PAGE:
So I turned to my ‘tribe’. Which happens to only be accessible online. I facebooked my son’s teacher to ask how to handle it. I reached out to another friend to vent. I texted my husband in Tanzania in hopes that he may be in a freakish serviceable area. And I put the boys to bed and held them tight and it became intensely apparent that the world we live in is a different one. It is a world where tech can and should be controlled, but I’m not sure it can be removed.
I was with a few ‘Big Bang Theory’ types this week and we all reached for our phones. One mentioned that his grandmother would be laughing at us texting, but he also said that our brief sojourn into the keyboards was for the purpose of extending out interactions, increasing the size of our village and working to bring more folks to join us in person. He had a point.
1. We’re on devices too much and unless there are limits we can slide into constant use.
2. My kids get riled up by tech, and yet when it’s gone for a time they don’t notice. They become more creative, role-play and use boredom to expand their horizons.
3. To ask of myself to give up all tech for a week was unrealistic given my job, and I realized that women often set the bar very high for ourselves and feel like failures if we don’t succeed. Moderation and instincts should be given preference.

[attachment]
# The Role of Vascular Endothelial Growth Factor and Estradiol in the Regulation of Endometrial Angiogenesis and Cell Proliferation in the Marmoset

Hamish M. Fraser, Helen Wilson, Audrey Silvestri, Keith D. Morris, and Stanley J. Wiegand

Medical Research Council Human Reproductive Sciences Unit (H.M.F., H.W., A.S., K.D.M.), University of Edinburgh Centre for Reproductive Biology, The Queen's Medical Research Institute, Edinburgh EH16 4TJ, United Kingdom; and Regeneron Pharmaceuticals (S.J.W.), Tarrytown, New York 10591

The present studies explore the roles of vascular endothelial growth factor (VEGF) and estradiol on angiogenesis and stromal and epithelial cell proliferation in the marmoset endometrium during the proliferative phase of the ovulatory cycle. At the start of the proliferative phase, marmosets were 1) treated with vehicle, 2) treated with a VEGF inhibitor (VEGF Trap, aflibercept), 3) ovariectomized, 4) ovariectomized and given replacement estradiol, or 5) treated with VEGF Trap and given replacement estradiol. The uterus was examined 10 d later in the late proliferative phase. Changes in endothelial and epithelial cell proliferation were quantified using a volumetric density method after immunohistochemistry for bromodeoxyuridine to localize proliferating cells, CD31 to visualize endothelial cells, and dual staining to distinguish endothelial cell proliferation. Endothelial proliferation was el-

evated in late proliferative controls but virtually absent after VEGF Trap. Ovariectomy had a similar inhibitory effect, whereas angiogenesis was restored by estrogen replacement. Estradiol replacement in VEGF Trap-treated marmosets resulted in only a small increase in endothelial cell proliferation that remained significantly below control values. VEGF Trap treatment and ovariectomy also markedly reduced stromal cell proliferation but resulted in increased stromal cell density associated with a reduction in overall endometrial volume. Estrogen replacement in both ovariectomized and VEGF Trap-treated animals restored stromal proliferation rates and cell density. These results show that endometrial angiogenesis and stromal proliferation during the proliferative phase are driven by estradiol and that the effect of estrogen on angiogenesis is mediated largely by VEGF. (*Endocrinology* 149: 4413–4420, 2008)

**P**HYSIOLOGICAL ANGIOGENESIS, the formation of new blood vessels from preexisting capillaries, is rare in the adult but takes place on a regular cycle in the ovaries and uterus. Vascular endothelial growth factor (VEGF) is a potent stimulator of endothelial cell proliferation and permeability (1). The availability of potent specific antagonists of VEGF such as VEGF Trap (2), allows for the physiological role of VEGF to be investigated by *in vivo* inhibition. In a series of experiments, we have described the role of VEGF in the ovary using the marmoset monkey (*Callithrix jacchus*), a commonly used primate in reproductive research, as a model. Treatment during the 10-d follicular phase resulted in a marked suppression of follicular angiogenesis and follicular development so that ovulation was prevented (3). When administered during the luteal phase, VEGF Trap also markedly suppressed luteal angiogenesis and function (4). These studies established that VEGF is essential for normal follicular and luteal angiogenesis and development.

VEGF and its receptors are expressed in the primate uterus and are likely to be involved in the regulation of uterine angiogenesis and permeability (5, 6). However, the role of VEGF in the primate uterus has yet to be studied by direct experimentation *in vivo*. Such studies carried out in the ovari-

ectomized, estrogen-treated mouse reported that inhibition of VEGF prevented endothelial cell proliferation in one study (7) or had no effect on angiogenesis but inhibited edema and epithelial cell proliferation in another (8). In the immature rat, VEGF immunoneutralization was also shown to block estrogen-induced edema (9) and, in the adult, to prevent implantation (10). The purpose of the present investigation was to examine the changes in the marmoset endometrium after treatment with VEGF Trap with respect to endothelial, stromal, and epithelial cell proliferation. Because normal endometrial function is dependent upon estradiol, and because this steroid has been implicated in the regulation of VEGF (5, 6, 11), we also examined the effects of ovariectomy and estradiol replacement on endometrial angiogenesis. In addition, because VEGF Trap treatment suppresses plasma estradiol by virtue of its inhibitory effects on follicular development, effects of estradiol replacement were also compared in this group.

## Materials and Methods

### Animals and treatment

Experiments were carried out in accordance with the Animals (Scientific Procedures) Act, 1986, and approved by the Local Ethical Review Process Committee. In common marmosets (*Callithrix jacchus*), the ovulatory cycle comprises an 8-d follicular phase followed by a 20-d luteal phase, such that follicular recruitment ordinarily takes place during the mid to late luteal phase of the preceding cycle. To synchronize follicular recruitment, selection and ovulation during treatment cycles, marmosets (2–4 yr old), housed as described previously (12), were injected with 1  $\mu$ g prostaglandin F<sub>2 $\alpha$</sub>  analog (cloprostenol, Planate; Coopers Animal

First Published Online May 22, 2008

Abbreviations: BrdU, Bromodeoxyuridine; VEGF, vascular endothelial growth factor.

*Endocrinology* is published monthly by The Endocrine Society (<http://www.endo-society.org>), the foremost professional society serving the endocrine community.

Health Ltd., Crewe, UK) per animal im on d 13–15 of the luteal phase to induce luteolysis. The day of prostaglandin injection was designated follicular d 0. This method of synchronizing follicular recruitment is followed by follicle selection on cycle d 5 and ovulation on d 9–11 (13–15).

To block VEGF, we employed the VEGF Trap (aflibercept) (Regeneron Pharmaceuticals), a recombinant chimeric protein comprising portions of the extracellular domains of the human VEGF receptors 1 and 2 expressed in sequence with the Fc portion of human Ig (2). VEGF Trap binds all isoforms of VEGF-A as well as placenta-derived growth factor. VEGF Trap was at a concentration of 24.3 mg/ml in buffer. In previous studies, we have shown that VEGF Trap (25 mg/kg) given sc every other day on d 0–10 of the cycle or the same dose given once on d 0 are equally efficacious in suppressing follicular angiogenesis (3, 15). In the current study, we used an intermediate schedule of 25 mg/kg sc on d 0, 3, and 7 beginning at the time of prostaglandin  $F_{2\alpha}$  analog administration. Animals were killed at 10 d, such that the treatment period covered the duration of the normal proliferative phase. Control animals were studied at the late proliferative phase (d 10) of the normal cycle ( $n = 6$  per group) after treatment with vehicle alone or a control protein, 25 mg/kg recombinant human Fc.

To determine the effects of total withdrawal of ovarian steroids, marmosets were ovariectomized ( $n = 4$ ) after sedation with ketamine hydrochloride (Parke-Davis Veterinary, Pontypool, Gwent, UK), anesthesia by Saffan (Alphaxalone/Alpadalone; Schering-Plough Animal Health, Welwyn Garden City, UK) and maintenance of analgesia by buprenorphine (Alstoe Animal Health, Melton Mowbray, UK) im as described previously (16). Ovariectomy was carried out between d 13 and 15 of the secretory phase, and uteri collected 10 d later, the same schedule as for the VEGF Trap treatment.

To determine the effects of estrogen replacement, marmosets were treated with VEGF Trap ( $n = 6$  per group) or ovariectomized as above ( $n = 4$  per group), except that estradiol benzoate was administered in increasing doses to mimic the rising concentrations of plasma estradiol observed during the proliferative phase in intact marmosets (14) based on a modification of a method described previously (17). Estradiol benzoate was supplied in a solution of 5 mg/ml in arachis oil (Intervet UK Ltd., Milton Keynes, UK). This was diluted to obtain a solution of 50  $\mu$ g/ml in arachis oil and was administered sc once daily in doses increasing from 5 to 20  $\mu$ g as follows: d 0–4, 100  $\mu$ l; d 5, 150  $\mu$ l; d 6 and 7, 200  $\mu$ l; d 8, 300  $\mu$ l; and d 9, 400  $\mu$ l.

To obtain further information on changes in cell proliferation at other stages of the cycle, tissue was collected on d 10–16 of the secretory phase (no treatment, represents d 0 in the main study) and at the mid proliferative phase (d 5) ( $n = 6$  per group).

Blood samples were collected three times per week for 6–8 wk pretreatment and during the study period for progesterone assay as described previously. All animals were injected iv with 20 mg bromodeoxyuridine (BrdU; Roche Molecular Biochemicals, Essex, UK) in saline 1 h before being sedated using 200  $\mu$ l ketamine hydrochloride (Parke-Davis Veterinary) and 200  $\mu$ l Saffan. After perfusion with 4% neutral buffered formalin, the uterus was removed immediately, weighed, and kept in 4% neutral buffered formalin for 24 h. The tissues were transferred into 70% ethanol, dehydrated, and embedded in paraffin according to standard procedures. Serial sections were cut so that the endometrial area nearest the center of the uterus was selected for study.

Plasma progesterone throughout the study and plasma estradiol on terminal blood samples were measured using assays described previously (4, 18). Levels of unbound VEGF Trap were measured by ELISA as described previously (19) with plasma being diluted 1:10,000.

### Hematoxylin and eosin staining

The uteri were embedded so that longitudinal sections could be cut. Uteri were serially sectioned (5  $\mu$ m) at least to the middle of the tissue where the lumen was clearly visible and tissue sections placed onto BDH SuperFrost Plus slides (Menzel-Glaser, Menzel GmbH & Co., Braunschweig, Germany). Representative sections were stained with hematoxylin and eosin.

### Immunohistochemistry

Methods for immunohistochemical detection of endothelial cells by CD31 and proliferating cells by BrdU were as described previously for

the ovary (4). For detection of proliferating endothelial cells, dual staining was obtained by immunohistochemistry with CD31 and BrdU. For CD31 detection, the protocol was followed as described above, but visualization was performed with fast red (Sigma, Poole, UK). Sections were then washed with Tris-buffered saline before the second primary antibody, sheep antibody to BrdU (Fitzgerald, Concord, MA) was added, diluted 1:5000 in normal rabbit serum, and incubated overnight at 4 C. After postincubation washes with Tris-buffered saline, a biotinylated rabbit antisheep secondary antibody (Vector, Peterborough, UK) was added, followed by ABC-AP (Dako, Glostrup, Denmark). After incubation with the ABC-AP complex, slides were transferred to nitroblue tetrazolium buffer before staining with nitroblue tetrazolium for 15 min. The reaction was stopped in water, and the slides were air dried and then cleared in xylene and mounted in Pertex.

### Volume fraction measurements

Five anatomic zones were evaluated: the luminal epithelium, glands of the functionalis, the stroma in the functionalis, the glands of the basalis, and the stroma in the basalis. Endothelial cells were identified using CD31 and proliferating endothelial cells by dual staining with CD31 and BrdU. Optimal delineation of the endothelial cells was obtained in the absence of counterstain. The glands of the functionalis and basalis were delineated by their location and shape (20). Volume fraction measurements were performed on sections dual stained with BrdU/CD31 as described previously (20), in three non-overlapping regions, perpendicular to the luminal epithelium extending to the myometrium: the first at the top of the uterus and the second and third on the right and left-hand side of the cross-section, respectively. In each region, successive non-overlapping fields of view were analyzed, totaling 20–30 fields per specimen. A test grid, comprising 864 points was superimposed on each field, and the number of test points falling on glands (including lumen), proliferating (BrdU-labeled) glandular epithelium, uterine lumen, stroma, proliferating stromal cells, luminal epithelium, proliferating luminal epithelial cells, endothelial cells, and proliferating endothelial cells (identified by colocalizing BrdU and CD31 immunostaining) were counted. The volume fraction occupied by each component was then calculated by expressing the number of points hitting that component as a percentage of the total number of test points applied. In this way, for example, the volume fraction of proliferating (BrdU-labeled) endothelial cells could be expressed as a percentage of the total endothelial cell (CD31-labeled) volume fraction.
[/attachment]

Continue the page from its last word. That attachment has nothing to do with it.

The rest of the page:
4. Placing more importance on sitting around a table and playing actual ‘games’ and talking brought me back to childhood and gave the whole family pure joy. We’ll be sticking with the games and also making sure the technology never creeps into dinners or restaurants when we are bonding as a family.
5. Technology can be used to educate your kids and research their questions or find fun things to do in person with them.
Tech isn’t the devil. But it can also be useless and addictive. I think the real challenge as families is to use it for good – to broaden our village instead of shrinking it.
Disclosure: This post was generously sponsored by life insurance provider Foresters, but the opinions and images are my own. For more information, visit www.techtimeout.com.